I paid for my car cash, I pay my rent cash, I pay the cable company cash.
I have over $30k in the bank and I have monthly paychecks.
None of this hits your credit report, so it can't be used to score you. Money in the bank isn't reported and isn't scored. Paychecks and income aren't reported and aren't scored.
So I should have a much higher credit rating than someone who is constantly paying with credit cards in my opinion.
I wouldn't even mind so much, except that when renting a house they do a background check, and they expect to find a credit history, which I don't have.
Someone who is paying with credit cards and is keeping those accounts paid as agreed has a demonstrated history of responsibly managing their credit. You don't have that. That's why they score higher. You seem to want a credit score that's based on some personal knowledge of you, or your handshake, or a magic 8 ball or something. But that isn't how it works because we no longer live in villages of 20 families. Various items related to how you've handled credit/debt are reported to credit reporting agencies. Other companies (okay, pretty much just FICO) have developed various scoring models that take the information reported to the CRAs and turn that information into a single, simple number which represents the chances that you'll stick to the terms of credit is offered. Since they don't have any information about you, you don't get scored.
I pay for everything with credit cards, pay them off every month so there's no interest, and then I take free vacations with the reward points and cash back money. I have a long credit history showing that whenever someone provides me credit, I manage it responsibly and pay them on time as agreed. If someone is thinking about offering me credit, they can look at that long history (or just the number) and see that I'm a pretty safe bet. They can look at someone else who has a long history of failing to pay back everyone who lends them a dime and see that person is a huge risk. They look at you and they see a mystery box. What exactly would you expect to happen?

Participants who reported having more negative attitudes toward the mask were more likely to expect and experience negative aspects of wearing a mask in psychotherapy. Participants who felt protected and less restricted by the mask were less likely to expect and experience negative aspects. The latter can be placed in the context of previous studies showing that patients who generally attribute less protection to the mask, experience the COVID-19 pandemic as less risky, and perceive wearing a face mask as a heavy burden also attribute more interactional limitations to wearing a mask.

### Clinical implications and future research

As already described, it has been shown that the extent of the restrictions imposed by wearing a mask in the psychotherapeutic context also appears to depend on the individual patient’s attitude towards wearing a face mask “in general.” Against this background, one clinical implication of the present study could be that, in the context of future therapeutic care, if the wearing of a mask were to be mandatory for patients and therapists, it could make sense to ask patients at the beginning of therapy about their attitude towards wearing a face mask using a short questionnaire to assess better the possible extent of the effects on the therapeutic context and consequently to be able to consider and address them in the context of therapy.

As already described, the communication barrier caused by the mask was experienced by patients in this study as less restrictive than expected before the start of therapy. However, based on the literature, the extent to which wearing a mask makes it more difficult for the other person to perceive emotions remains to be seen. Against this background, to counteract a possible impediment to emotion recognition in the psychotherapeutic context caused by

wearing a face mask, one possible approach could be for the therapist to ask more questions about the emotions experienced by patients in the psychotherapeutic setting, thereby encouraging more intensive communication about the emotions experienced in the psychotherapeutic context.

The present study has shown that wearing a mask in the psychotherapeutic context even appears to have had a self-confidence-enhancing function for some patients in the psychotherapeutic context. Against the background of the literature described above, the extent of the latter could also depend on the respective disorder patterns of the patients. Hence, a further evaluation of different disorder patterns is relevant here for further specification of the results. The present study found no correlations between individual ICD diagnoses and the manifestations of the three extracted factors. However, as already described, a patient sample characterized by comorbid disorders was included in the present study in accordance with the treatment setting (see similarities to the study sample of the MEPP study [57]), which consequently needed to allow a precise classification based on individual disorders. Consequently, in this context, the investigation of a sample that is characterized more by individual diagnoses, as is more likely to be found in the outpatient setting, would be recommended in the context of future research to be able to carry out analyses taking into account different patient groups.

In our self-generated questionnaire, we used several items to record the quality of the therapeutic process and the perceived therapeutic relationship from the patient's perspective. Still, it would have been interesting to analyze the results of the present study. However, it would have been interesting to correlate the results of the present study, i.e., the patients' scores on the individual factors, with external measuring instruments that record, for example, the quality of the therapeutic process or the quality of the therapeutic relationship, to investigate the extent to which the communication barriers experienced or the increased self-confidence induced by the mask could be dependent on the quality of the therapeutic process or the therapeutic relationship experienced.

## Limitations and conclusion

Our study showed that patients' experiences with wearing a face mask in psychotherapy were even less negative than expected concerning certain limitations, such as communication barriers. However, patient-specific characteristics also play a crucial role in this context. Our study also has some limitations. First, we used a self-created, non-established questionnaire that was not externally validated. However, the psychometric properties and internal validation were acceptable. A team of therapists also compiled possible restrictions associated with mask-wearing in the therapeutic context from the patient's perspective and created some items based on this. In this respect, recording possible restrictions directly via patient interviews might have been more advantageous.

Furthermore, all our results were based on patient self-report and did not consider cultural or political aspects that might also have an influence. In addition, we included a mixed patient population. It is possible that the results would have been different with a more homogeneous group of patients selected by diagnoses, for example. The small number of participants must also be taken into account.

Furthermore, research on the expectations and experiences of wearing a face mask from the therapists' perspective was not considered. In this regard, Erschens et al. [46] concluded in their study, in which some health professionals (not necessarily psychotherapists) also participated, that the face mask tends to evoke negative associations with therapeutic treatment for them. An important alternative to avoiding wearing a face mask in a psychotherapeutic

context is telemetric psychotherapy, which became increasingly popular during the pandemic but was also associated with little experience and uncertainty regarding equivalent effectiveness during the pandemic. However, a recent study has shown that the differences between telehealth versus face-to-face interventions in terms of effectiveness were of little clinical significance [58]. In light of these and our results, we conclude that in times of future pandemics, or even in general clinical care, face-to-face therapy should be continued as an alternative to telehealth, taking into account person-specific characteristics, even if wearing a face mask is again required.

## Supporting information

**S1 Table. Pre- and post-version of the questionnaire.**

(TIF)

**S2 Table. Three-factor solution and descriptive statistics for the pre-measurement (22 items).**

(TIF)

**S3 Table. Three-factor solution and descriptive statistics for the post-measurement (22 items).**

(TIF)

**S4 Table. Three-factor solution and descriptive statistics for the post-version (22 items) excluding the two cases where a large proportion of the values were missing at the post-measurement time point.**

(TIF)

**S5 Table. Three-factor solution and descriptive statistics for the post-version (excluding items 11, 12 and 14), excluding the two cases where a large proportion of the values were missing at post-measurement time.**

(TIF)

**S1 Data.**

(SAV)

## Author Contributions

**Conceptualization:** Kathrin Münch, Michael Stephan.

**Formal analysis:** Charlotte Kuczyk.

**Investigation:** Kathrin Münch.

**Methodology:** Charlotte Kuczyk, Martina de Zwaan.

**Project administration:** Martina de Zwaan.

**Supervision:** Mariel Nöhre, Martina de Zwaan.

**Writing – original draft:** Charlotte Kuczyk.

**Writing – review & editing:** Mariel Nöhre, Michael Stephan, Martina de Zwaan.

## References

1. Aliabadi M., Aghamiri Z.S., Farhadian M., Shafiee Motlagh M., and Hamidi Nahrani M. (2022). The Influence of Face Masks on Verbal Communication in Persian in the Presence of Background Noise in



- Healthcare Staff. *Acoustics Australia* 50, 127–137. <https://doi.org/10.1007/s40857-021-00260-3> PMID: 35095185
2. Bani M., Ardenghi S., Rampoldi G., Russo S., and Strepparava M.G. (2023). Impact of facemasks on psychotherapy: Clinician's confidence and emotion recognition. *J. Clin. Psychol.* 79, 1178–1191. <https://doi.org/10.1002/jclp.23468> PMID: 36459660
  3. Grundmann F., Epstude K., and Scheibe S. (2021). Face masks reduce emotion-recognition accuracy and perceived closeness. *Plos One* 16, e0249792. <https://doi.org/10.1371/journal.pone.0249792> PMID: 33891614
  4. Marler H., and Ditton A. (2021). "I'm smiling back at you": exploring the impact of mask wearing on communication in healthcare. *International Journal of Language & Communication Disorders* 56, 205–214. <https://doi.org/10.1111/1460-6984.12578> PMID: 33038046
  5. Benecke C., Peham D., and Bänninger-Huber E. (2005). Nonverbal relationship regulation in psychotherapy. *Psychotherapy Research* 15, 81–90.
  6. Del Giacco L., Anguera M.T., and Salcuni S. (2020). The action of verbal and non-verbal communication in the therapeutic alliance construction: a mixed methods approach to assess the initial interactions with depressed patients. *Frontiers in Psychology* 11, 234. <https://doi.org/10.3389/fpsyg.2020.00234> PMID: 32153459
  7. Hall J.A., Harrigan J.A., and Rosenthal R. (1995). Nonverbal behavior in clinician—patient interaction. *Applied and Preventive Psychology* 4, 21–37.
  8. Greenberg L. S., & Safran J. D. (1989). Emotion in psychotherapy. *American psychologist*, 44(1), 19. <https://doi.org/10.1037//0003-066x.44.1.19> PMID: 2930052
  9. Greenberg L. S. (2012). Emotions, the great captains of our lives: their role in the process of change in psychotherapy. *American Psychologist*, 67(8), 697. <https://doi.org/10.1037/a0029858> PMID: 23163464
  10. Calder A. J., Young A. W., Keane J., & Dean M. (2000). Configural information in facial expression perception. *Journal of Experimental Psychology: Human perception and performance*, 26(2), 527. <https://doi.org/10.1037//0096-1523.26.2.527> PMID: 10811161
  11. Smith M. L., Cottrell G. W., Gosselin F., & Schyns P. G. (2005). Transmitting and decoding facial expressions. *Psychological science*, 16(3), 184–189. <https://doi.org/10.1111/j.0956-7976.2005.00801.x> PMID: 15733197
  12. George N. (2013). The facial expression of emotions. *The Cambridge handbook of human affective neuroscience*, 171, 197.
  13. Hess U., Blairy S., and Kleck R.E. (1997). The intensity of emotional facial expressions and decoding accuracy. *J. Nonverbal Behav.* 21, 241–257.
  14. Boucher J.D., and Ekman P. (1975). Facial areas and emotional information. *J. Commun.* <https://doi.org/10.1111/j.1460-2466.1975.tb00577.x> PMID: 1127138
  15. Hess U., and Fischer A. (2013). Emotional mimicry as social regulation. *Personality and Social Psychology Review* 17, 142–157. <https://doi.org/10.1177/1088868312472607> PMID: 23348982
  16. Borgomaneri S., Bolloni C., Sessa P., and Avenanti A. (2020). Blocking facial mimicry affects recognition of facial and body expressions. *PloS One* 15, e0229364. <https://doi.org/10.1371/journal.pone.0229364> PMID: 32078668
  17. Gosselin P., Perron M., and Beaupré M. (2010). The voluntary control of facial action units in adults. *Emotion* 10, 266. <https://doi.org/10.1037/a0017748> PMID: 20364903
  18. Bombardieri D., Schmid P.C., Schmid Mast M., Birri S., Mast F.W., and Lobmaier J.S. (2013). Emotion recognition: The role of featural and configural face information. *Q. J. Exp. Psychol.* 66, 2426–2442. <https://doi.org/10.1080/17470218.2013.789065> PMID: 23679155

No need to look up how FICO works, no one actually uses FICO when considering you.
Except for credit cards, car loans, mortgages; just about anything that requires credit. But yeah, except for those things, nobody actually uses FICO.
There are many many systems to calculate a credit score and if you go apply for a loan/credit card/anything that gives you a score from 5 different places the same day you'll get 5 different credit scores and the difference has nothing to do with recent credit inquiries.
Just wrong time and time again. First of all, there aren't 5 different places. There are 3: Equifax, TransUnion, and Experian. Secondly, there are multiple types of FICO scores and the lender chooses which type to use. Auto-enhanced FICO scores weigh vehicle loans differently, but are otherwise very similar to the consumer FICO score you can pull. Most differences between scores from different CRAs are due to differences in the credit reports themselves. Often times, accounts (in good standing or otherwise) aren't reported to all three CRAs, which means you'll have different histories and different scores with them. And yes, there are other proprietary models available, but they're hardly ever used (as in 10% of the time).
When it comes to applying for credit, FICO is still the kind of the castle precisely because it does adapt and broadly predict consumer behavior, allowing lenders to appropriately price risk.